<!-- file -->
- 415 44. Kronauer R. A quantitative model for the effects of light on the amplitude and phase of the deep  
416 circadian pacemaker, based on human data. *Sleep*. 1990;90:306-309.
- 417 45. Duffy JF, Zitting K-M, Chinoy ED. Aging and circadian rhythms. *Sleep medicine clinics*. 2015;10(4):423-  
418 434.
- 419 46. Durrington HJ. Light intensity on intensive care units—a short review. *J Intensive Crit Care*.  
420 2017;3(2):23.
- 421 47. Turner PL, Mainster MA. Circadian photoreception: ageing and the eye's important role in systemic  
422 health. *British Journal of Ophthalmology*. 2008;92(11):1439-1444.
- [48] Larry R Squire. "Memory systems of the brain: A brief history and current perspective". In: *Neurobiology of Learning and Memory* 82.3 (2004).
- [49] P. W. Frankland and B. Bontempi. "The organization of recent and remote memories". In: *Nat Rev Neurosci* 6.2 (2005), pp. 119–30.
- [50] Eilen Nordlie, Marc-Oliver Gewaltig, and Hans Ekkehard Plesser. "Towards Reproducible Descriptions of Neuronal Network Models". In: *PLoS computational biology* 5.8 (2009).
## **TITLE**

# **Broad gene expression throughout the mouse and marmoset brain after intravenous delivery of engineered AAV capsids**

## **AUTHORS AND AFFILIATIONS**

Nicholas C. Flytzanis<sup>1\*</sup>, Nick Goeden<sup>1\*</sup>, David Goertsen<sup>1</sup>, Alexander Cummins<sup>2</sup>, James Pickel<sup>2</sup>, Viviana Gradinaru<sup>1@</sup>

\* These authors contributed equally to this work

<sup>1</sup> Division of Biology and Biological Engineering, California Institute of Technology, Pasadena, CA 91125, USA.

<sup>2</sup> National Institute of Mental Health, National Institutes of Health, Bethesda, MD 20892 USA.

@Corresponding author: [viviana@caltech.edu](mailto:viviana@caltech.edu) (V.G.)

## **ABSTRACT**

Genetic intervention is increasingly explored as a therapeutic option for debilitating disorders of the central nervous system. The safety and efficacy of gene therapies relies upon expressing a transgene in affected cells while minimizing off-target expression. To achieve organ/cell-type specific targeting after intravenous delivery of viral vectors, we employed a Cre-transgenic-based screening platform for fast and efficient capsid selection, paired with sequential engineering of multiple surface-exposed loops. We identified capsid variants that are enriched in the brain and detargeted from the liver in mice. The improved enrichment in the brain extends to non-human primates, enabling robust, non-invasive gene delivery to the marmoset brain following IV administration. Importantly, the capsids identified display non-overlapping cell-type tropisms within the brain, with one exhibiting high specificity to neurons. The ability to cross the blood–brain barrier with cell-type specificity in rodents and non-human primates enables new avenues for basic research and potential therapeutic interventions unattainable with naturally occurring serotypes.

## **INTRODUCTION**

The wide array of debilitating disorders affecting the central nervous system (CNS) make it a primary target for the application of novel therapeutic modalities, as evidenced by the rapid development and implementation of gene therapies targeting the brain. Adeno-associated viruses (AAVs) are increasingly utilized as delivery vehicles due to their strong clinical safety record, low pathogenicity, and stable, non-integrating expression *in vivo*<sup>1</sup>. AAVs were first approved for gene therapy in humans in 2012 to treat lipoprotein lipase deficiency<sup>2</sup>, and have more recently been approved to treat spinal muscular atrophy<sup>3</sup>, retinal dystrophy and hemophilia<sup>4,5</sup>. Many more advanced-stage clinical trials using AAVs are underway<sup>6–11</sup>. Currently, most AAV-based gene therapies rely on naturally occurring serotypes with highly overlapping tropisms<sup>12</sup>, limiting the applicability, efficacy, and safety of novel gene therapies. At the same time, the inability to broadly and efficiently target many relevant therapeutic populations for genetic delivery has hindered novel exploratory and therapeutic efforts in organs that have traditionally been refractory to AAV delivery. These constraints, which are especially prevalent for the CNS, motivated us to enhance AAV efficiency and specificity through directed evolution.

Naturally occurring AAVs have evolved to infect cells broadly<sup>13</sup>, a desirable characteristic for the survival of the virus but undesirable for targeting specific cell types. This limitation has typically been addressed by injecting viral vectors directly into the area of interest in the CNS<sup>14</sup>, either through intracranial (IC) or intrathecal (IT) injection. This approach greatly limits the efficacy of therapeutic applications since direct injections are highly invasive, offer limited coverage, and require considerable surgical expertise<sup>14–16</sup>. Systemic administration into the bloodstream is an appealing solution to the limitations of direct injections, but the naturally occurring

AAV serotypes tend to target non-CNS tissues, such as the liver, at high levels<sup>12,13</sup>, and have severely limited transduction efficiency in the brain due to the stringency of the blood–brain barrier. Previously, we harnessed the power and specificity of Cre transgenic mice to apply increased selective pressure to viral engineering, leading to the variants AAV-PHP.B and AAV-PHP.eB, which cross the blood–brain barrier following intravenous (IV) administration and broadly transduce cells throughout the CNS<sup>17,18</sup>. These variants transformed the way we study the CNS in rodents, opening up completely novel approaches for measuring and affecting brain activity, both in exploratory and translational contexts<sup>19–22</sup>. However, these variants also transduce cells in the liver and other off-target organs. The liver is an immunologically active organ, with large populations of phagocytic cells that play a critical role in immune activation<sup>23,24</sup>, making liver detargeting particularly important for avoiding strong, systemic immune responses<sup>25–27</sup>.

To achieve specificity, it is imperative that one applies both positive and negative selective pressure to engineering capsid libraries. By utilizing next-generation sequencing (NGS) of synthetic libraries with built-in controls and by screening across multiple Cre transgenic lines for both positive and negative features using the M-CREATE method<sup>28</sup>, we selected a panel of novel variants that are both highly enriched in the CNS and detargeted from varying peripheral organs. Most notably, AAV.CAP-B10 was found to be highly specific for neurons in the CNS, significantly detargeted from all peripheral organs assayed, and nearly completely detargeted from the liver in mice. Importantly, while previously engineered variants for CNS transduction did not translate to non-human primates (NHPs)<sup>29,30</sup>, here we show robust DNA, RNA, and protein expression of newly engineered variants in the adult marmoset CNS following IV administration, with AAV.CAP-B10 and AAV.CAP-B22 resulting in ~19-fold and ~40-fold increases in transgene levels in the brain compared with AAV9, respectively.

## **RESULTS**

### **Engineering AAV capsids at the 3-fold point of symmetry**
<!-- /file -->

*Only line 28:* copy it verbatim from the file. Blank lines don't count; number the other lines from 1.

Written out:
### **Engineering AAV capsids at the 3-fold point of symmetry**